Updated: Dec 28, 2019
As a U.S. military brat growing up in the 1980s, Jeanie Ward-Waller was all too familiar with the recurring adventures and frustrations of moving every two years. Her parents, both U.S. Air Force physicians, provided medical and humanitarian services to enlisted personnel and local populations wherever they called home. Before she turned 16, Ward-Waller had lived on or near Air Force bases all over the U.S. and in Asia, from San Antonio, Texas to the Philippine Islands and back again.
Fortunately, her parents put a high priority on foreign travel, outdoor adventure and exposing their children to other cultures. As part of serving Uncle Sam, Ward-Waller’s family traveled extensively in Asia and the U.S., witnessing some of the world’s most dramatic natural wonders ... and some of its most poverty-stricken populations.
Those travel experiences instilled in her an enduring love for the outdoors. More importantly, they taught her the critical roles that clean air, clean water and access to safe, reliable transportation systems play in defining livable communities for people around the world.
Shaping Quality of Life
Today, she applies those lessons daily to her work as a sustainability program manager for the California Department of Transportation (Caltrans), the chief developer, operator and maintainer of the state’s highway system.
From her office in downtown Sacramento, Ward-Waller helps shape and guide the agency’s plans to develop, build and maintain sustainable, multi-modal transportation systems in a state already feeling the effects of climate change.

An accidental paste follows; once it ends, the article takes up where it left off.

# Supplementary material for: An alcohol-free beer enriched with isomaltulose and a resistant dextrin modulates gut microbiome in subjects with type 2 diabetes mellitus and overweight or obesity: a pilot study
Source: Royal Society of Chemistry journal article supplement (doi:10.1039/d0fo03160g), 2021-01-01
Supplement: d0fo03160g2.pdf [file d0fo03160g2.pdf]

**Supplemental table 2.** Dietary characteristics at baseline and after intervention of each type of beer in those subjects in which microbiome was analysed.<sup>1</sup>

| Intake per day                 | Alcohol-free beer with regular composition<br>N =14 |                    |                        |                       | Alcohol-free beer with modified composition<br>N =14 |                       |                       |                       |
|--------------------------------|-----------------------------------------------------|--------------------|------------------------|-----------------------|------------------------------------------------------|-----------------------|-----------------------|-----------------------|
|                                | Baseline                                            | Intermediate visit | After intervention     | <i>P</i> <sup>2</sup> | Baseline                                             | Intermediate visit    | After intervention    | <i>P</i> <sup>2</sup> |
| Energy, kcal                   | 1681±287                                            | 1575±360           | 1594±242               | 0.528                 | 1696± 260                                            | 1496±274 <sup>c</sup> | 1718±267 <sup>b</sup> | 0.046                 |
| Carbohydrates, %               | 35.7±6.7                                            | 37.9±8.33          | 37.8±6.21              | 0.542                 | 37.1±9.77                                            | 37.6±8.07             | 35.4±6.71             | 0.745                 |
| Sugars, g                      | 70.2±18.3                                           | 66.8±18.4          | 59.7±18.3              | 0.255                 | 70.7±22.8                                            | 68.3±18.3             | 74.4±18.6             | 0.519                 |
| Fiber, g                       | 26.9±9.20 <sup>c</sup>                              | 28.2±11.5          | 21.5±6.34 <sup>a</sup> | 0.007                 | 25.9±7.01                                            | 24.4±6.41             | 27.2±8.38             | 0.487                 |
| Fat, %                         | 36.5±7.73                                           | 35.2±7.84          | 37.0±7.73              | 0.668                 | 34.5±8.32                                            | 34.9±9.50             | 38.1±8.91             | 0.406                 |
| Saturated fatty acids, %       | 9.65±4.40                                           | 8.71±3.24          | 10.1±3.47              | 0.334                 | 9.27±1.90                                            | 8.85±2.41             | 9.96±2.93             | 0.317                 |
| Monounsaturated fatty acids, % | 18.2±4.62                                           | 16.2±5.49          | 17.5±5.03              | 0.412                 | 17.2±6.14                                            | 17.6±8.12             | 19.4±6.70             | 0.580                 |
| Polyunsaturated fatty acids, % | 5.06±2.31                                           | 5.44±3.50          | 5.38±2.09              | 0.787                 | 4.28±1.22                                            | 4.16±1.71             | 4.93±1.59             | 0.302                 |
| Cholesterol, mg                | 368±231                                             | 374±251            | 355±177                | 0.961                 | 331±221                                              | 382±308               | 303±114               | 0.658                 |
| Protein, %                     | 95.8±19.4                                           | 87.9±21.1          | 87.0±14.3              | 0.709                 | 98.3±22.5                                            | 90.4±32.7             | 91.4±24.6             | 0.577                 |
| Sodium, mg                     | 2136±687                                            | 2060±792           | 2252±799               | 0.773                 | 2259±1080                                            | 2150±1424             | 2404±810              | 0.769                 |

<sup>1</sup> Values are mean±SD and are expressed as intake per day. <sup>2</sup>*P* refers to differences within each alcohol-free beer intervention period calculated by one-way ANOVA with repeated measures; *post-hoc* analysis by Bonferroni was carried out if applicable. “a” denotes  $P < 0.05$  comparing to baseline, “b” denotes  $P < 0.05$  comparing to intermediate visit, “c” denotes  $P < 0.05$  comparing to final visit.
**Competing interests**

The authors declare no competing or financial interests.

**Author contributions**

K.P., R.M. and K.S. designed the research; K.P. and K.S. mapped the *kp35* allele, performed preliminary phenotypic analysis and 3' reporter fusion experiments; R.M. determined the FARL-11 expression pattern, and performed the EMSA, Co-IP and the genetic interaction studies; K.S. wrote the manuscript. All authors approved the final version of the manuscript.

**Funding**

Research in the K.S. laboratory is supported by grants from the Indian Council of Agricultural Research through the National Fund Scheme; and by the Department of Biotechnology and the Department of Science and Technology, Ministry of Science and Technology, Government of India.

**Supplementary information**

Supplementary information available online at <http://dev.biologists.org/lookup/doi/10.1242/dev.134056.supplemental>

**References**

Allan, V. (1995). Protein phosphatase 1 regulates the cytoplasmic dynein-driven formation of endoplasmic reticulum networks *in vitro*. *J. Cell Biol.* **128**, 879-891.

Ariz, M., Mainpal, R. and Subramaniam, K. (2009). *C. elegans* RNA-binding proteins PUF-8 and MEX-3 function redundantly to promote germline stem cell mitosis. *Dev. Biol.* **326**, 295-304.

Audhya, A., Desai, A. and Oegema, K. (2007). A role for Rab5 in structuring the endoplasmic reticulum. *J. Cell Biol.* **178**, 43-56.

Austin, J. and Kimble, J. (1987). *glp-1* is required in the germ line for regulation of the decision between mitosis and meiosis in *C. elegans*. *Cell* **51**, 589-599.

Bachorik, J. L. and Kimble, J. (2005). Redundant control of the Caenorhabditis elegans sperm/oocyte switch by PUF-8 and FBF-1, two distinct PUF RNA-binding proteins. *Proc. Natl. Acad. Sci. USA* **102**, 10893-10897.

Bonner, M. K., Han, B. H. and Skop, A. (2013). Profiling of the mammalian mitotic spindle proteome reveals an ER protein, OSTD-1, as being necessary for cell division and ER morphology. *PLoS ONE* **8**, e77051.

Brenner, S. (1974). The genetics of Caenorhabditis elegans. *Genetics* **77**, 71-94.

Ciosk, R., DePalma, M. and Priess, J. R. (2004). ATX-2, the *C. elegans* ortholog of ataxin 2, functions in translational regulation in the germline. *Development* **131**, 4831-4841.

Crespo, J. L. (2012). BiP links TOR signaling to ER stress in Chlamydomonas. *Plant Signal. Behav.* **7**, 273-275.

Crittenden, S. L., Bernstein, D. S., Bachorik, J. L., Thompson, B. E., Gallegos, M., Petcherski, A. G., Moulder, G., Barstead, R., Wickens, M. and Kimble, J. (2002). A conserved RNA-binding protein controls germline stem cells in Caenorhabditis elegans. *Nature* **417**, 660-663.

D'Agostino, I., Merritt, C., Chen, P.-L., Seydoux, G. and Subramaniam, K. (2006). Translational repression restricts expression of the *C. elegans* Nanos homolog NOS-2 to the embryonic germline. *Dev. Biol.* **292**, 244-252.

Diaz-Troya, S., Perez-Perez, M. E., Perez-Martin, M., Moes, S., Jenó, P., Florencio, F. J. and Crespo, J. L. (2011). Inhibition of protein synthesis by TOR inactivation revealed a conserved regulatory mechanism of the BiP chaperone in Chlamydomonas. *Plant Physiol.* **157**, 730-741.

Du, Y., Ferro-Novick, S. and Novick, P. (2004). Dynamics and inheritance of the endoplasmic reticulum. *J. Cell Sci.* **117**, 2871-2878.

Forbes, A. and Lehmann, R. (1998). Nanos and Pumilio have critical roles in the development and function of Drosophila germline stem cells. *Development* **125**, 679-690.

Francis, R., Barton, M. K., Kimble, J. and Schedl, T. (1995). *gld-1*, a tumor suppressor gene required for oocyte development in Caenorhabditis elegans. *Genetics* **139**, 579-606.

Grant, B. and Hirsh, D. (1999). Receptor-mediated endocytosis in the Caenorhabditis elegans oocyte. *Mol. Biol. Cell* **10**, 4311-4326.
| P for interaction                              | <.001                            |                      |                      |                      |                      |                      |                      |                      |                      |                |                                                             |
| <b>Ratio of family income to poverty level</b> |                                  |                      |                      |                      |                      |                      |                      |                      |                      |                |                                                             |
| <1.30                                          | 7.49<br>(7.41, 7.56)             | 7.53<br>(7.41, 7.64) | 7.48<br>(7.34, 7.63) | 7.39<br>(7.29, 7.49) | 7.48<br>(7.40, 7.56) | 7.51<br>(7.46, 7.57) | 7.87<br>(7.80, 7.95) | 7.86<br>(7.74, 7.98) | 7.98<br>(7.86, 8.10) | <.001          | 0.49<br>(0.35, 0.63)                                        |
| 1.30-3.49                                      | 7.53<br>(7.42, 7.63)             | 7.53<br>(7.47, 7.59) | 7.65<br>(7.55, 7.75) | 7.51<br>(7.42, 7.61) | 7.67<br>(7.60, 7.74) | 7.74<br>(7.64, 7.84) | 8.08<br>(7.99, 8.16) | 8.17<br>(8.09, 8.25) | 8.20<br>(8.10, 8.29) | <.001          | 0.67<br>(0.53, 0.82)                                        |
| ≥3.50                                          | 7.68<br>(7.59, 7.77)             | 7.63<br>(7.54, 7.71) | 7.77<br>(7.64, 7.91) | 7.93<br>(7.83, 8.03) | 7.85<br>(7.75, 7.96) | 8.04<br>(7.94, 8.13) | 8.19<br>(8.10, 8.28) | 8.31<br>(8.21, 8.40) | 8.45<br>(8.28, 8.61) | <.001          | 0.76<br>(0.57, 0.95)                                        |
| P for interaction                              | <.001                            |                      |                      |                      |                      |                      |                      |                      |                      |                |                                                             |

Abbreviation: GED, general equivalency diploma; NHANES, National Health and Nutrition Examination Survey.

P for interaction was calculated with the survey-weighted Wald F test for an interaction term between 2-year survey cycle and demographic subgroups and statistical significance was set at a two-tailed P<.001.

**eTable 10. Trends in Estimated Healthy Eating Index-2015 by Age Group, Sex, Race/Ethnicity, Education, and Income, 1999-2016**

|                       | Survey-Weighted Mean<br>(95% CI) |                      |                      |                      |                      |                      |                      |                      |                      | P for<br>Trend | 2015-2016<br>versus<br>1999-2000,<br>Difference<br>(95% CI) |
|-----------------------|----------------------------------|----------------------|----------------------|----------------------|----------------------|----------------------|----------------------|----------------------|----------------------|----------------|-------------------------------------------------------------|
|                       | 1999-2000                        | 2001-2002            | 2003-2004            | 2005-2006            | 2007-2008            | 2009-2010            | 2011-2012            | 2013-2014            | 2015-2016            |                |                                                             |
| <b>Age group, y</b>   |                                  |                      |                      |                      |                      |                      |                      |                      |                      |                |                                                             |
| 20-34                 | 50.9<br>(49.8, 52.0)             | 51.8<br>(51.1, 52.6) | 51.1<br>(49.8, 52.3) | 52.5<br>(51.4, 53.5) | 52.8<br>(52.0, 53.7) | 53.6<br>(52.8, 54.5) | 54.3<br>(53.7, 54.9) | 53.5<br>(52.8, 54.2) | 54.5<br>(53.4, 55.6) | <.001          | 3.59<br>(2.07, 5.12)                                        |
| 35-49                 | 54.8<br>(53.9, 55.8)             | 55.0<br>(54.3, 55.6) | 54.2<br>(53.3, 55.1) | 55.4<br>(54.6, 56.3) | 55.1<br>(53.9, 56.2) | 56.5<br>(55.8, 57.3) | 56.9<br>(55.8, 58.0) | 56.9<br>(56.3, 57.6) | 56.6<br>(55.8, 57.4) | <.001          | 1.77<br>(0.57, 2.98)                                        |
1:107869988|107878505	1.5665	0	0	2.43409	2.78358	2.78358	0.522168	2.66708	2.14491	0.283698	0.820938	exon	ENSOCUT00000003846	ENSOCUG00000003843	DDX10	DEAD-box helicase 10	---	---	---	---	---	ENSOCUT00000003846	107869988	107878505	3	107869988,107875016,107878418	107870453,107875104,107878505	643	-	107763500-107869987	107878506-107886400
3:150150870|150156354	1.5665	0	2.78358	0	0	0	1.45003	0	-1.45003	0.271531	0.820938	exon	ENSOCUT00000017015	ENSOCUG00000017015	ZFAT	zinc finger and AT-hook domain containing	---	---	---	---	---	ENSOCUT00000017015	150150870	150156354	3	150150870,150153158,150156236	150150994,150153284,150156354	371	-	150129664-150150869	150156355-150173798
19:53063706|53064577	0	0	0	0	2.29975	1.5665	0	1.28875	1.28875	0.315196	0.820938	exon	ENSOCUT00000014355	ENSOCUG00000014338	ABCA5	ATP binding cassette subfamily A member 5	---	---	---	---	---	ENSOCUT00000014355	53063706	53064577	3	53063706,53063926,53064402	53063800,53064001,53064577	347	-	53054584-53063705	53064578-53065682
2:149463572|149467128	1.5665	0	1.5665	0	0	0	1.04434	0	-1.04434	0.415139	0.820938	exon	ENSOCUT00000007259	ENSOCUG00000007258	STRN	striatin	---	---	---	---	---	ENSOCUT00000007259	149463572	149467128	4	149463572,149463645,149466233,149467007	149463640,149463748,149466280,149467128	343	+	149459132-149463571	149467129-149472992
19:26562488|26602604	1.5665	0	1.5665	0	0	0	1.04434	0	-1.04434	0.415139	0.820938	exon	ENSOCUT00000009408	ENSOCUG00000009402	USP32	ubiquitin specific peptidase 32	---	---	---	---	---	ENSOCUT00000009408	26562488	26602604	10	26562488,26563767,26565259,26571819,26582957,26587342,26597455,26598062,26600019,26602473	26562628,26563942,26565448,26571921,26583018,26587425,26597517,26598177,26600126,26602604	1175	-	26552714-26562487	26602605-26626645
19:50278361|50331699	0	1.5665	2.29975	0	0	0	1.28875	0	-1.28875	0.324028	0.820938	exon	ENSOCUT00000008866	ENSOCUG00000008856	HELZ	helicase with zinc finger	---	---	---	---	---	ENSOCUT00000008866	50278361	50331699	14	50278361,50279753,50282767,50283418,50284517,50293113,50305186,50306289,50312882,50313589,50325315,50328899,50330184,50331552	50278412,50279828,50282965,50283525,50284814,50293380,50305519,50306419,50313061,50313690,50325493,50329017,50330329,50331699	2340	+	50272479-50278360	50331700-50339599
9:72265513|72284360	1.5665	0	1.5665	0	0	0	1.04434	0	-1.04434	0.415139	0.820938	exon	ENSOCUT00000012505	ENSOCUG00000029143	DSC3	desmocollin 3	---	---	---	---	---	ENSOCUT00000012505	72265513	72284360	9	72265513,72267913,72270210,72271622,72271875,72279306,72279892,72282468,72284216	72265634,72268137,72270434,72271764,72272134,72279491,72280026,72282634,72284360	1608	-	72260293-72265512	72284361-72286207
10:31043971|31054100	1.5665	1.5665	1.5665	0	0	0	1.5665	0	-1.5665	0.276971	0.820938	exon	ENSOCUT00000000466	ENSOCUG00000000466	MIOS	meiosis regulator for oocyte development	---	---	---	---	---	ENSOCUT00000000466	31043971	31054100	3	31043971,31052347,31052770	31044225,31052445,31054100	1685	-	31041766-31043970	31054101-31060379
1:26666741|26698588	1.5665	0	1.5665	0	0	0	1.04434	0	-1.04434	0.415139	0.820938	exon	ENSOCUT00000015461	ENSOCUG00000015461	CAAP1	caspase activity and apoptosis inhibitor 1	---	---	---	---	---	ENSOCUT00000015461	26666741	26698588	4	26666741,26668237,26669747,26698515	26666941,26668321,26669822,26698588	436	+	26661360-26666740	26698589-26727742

“It’s difficult to overestimate the impact that transportation systems have on people’s quality of life,” she said. “They allow people to move around; to gain access to safe, healthy environments, and to create friendlier, more livable communities.”
Preference for Policy
As a kid, Ward-Waller was fascinated with puzzles and putting things together. Her early construction projects included a dollhouse and a bird house.
“I was very inclined toward math and physics in school, so engineering seemed like a natural fit for me,” she said. Turns out, she was only partially right. After earning a bachelor’s degree in civil engineering from Brown University, and a master’s degree in structural engineering from MIT, Ward-Waller realized that engineering work was far more repetitive and tedious than she had originally thought.
“I was much more interested in the front-end work of developing a building – where it should be built, how people will access it, what impact it might have on a community or the environment – than in managing the nitty-gritty details of engineering that structure,” she explained.
So before long, Ward-Waller gave up being a structural engineer in Boston to pursue a masters degree in engineering in sustainable development at the University of Cambridge England. In this new, decidedly non-traditional educational setting, she finally “got her feet wet” in the policy work she craved.
“I started thinking a lot about transportation and bicycle policy, and more broadly about engineers’ role in developing infrastructure that serves the functional, health and social needs of a community,” she said. Her thesis focused on what US cities could do to encourage more bicycling and less dependence on cars.
Bicycling for Safer Routes